The leader of Ohio's pro-choice grassroots movement's political arm, Copeland noted that LRSC has always safely operated on a variance because it could not secure a transfer agreement and that Wymyslo's decision is without precedent. Citing the testimony last October from a former ODH Bureau Chief, she said the arrangement outlined in the center’s variance application to be an "appropriate alternative" to the transfer agreement. She noted that ODH never contradicted or rebutted any of this evidence in briefs or hearings, leading her to conclude that Wymyslo's decision shows ODH is not interested in whether this center provides high quality medical care, "they are interested in waging a regulatory witch hunt on abortion providers at the bequest of Governor John Kasich."
In a telephone interview with CGE Tuesday, Copeland noted that 11 women's surgical centers remain after four closed for business reasons last year after the cumulative effects of state regulations and budgeting, passed by a Republican-controlled legislature and signed by Gov. Kasich, took their toll on facilities in Toledo, Lima, Akron and Cleveland.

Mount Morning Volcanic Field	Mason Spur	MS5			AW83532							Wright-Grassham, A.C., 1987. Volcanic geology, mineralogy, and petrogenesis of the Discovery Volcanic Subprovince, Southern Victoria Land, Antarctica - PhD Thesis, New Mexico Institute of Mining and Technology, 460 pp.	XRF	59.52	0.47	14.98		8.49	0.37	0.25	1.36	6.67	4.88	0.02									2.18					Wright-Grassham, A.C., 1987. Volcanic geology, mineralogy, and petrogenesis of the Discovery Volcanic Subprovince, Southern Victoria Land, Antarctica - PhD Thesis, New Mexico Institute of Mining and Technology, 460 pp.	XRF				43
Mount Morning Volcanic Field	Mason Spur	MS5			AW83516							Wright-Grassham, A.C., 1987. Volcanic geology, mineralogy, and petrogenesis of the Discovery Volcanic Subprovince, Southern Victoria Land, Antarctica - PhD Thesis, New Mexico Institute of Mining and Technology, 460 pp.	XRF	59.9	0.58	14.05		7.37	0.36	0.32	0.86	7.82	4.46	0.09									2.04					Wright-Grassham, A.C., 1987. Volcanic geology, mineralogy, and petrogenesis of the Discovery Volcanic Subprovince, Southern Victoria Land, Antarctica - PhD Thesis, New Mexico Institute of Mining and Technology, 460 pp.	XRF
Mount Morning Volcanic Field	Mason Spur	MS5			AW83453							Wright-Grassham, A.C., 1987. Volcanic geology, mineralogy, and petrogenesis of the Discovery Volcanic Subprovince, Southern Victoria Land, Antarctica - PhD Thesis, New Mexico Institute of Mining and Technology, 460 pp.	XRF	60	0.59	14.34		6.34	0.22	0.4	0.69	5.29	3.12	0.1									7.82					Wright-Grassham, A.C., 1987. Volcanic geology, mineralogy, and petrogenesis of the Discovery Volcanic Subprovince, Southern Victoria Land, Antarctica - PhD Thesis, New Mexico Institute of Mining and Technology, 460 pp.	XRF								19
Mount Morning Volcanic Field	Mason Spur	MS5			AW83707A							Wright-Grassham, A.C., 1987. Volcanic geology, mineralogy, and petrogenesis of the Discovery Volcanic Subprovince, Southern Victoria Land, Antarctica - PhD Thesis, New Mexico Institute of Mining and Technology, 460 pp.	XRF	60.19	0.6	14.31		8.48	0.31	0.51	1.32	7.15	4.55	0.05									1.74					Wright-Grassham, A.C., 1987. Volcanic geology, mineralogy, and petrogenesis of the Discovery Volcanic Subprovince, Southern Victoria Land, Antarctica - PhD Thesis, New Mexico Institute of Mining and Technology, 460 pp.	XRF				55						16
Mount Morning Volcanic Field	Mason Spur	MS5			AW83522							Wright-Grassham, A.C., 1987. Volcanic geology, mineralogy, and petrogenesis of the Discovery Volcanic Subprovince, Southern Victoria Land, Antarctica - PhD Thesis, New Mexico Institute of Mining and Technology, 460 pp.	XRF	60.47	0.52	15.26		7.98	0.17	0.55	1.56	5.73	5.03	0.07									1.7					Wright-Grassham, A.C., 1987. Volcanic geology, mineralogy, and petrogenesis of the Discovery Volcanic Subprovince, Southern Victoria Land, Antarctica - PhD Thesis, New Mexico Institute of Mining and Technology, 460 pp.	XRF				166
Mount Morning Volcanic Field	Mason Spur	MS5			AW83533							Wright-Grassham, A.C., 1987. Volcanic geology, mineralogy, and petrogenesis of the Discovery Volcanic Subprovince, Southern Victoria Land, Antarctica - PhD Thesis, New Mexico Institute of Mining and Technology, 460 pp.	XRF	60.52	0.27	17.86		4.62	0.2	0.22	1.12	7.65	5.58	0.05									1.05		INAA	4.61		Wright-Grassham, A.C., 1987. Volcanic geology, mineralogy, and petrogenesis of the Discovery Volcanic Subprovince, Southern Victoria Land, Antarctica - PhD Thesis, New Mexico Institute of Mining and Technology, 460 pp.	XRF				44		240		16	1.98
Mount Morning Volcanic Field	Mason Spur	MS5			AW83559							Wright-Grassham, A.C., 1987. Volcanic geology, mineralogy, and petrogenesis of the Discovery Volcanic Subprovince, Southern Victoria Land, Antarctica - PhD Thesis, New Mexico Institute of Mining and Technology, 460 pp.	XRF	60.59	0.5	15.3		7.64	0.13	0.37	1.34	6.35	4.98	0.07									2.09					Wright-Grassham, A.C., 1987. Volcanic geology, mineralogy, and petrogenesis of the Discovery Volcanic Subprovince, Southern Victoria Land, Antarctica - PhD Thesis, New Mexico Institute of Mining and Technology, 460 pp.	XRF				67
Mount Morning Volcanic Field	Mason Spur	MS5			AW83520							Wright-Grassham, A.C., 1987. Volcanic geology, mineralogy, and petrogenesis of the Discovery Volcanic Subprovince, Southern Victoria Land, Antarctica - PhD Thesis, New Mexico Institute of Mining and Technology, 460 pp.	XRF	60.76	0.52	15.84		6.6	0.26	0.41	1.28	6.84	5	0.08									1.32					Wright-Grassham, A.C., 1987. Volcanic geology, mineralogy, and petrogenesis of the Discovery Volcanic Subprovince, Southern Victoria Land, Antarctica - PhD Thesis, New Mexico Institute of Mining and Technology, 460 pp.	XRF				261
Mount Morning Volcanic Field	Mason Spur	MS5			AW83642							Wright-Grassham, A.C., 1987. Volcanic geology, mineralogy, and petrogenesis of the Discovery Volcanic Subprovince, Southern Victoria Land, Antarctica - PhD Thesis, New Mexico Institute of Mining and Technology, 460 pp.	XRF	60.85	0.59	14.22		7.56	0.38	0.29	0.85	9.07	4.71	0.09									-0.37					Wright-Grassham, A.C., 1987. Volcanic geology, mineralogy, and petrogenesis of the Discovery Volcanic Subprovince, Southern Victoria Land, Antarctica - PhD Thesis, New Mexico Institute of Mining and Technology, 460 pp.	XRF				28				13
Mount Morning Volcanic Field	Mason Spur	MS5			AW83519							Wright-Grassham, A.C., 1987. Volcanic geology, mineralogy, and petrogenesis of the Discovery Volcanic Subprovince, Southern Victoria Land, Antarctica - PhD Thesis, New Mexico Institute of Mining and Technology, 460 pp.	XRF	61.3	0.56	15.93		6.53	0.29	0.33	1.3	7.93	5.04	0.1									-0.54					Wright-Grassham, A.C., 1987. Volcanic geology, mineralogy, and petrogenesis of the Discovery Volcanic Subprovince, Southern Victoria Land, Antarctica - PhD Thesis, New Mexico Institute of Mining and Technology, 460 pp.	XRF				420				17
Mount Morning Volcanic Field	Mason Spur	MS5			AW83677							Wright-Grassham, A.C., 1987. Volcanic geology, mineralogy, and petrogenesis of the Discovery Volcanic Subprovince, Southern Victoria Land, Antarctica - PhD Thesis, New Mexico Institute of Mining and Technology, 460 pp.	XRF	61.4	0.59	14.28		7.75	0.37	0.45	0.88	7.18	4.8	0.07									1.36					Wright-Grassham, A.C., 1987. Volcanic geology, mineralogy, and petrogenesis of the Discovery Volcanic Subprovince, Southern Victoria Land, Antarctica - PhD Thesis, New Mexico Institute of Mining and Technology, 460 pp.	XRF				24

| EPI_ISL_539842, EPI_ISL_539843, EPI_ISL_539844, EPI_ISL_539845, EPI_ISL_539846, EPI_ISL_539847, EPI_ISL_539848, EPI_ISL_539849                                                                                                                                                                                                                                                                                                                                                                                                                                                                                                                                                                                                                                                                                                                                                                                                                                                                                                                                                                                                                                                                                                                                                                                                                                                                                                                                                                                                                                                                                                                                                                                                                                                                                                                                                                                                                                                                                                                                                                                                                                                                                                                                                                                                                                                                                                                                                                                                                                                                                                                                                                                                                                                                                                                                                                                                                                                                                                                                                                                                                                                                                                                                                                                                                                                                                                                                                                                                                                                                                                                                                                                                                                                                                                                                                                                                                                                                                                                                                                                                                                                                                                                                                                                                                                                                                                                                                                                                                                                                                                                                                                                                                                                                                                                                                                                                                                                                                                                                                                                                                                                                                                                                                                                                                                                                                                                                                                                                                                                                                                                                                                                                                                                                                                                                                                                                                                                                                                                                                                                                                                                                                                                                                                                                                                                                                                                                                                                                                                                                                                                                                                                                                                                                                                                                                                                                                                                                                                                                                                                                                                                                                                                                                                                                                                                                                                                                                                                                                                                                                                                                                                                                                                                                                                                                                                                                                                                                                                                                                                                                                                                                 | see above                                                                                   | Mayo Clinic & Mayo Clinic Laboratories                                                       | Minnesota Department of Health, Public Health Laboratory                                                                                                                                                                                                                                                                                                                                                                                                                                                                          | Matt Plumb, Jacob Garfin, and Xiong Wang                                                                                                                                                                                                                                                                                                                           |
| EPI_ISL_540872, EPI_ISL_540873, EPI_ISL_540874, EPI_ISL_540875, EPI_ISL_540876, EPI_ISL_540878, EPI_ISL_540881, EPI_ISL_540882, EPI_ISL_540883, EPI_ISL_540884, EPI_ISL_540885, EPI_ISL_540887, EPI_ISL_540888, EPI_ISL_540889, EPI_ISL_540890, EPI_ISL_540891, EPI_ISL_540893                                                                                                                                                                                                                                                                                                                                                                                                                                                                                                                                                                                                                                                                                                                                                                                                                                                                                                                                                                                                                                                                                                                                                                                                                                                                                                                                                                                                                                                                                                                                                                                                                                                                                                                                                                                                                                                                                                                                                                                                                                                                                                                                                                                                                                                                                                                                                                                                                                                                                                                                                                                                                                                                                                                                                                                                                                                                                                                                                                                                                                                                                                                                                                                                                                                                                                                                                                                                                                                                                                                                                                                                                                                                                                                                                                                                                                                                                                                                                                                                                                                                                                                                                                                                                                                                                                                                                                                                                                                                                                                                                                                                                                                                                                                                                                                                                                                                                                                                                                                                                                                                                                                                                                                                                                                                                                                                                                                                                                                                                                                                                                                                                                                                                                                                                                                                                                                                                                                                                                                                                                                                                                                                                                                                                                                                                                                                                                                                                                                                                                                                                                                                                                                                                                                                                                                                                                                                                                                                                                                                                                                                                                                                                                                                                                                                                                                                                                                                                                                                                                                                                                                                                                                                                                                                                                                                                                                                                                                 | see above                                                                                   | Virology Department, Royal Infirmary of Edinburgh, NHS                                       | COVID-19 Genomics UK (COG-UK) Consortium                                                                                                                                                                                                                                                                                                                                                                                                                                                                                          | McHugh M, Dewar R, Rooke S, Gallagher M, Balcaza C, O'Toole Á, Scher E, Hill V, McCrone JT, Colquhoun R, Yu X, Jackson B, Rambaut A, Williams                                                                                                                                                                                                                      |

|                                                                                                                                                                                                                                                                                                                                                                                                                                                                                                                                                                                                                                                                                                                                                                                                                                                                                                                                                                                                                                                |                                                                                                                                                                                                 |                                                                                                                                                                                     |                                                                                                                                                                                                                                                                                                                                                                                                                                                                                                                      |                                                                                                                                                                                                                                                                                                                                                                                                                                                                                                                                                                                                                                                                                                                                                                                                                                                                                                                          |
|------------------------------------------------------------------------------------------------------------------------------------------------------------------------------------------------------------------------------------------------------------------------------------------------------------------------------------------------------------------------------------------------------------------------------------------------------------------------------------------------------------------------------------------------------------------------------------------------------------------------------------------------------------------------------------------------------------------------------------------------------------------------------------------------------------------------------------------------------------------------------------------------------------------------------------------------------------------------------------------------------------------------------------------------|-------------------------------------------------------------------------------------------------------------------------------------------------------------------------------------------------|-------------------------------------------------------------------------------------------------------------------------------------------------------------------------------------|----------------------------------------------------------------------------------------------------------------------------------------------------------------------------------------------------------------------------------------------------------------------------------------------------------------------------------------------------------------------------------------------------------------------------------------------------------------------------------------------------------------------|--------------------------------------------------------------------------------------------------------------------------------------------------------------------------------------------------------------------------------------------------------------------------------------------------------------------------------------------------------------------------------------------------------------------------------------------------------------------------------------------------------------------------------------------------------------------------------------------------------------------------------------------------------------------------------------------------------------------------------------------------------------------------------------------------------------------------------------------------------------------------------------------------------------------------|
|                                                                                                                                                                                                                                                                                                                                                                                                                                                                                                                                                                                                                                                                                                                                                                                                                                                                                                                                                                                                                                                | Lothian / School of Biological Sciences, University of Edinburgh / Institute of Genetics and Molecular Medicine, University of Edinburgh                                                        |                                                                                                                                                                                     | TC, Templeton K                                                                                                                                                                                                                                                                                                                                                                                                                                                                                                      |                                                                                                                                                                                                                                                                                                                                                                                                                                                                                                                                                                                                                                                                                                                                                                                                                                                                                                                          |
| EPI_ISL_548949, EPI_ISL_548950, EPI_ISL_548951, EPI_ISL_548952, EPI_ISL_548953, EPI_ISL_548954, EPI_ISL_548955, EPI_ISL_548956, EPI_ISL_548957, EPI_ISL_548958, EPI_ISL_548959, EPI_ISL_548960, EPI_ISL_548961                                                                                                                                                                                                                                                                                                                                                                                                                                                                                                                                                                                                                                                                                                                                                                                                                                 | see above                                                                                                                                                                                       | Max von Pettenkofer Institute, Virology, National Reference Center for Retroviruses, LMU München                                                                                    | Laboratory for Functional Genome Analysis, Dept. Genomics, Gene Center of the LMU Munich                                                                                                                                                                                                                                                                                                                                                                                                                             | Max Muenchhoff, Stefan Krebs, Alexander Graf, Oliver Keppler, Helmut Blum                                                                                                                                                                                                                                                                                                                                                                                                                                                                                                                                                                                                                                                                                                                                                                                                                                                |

Speaking to the issue of safety, Copeland said no client has died and that the so-called "complication" rate is .0018 percent, representing 25 cases out of 25,000 procedures.
As Ohio marches down the same road of the State of Texas is doing with respect to women's health facilities and their right to control their own bodies, Copeland worries the Kasich Administration has abused its power by politicizing ODH. "When you take that oath of office, you take on responsibility for everyone in Ohio. Closing safe, legal medical providers, that's not their role."